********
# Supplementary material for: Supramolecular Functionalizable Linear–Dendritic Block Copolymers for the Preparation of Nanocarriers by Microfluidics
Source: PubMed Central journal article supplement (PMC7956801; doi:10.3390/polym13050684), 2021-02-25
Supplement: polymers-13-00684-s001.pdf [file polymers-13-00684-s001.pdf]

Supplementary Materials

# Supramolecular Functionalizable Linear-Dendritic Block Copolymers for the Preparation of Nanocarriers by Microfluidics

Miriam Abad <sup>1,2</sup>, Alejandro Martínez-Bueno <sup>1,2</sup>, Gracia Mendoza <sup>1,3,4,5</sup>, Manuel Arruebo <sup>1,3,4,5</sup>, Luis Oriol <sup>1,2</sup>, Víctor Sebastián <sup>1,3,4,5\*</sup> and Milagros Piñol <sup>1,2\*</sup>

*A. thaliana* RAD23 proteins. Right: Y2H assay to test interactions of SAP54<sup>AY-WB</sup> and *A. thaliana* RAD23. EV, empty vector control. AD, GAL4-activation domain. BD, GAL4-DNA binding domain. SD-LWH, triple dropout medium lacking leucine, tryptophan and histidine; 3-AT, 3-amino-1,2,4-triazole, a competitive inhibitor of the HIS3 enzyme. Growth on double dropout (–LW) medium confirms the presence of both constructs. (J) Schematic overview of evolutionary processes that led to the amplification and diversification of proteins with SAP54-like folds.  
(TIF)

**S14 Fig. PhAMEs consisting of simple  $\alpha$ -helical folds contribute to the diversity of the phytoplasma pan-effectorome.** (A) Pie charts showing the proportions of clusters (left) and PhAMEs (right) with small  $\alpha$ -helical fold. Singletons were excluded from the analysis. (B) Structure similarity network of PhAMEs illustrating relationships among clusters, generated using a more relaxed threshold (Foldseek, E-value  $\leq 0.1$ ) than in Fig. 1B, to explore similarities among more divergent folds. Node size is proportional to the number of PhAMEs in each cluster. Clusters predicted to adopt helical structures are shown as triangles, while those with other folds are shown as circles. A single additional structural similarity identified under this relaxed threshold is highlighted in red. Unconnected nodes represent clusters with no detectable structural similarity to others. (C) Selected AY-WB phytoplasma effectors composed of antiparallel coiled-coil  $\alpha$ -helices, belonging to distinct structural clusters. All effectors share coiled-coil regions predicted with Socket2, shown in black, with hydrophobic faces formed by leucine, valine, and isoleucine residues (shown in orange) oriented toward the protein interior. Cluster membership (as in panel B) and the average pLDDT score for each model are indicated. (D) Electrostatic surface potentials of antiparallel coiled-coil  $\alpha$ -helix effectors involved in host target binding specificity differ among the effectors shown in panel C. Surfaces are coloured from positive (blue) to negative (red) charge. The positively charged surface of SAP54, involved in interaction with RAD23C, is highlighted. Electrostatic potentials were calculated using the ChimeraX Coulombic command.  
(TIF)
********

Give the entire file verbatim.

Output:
# Supplementary material for: Supramolecular Functionalizable Linear–Dendritic Block Copolymers for the Preparation of Nanocarriers by Microfluidics
Source: PubMed Central journal article supplement (PMC7956801; doi:10.3390/polym13050684), 2021-02-25
Supplement: polymers-13-00684-s001.pdf [file polymers-13-00684-s001.pdf]

Supplementary Materials

# Supramolecular Functionalizable Linear-Dendritic Block Copolymers for the Preparation of Nanocarriers by Microfluidics

Miriam Abad <sup>1,2</sup>, Alejandro Martínez-Bueno <sup>1,2</sup>, Gracia Mendoza <sup>1,3,4,5</sup>, Manuel Arruebo <sup>1,3,4,5</sup>, Luis Oriol <sup>1,2</sup>, Víctor Sebastián <sup>1,3,4,5\*</sup> and Milagros Piñol <sup>1,2\*</sup>

*A. thaliana* RAD23 proteins. Right: Y2H assay to test interactions of SAP54<sup>AY-WB</sup> and *A. thaliana* RAD23. EV, empty vector control. AD, GAL4-activation domain. BD, GAL4-DNA binding domain. SD-LWH, triple dropout medium lacking leucine, tryptophan and histidine; 3-AT, 3-amino-1,2,4-triazole, a competitive inhibitor of the HIS3 enzyme. Growth on double dropout (–LW) medium confirms the presence of both constructs. (J) Schematic overview of evolutionary processes that led to the amplification and diversification of proteins with SAP54-like folds.  
(TIF)

**S14 Fig. PhAMEs consisting of simple  $\alpha$ -helical folds contribute to the diversity of the phytoplasma pan-effectorome.** (A) Pie charts showing the proportions of clusters (left) and PhAMEs (right) with small  $\alpha$ -helical fold. Singletons were excluded from the analysis. (B) Structure similarity network of PhAMEs illustrating relationships among clusters, generated using a more relaxed threshold (Foldseek, E-value  $\leq 0.1$ ) than in Fig. 1B, to explore similarities among more divergent folds. Node size is proportional to the number of PhAMEs in each cluster. Clusters predicted to adopt helical structures are shown as triangles, while those with other folds are shown as circles. A single additional structural similarity identified under this relaxed threshold is highlighted in red. Unconnected nodes represent clusters with no detectable structural similarity to others. (C) Selected AY-WB phytoplasma effectors composed of antiparallel coiled-coil  $\alpha$ -helices, belonging to distinct structural clusters. All effectors share coiled-coil regions predicted with Socket2, shown in black, with hydrophobic faces formed by leucine, valine, and isoleucine residues (shown in orange) oriented toward the protein interior. Cluster membership (as in panel B) and the average pLDDT score for each model are indicated. (D) Electrostatic surface potentials of antiparallel coiled-coil  $\alpha$ -helix effectors involved in host target binding specificity differ among the effectors shown in panel C. Surfaces are coloured from positive (blue) to negative (red) charge. The positively charged surface of SAP54, involved in interaction with RAD23C, is highlighted. Electrostatic potentials were calculated using the ChimeraX Coulombic command.  
(TIF)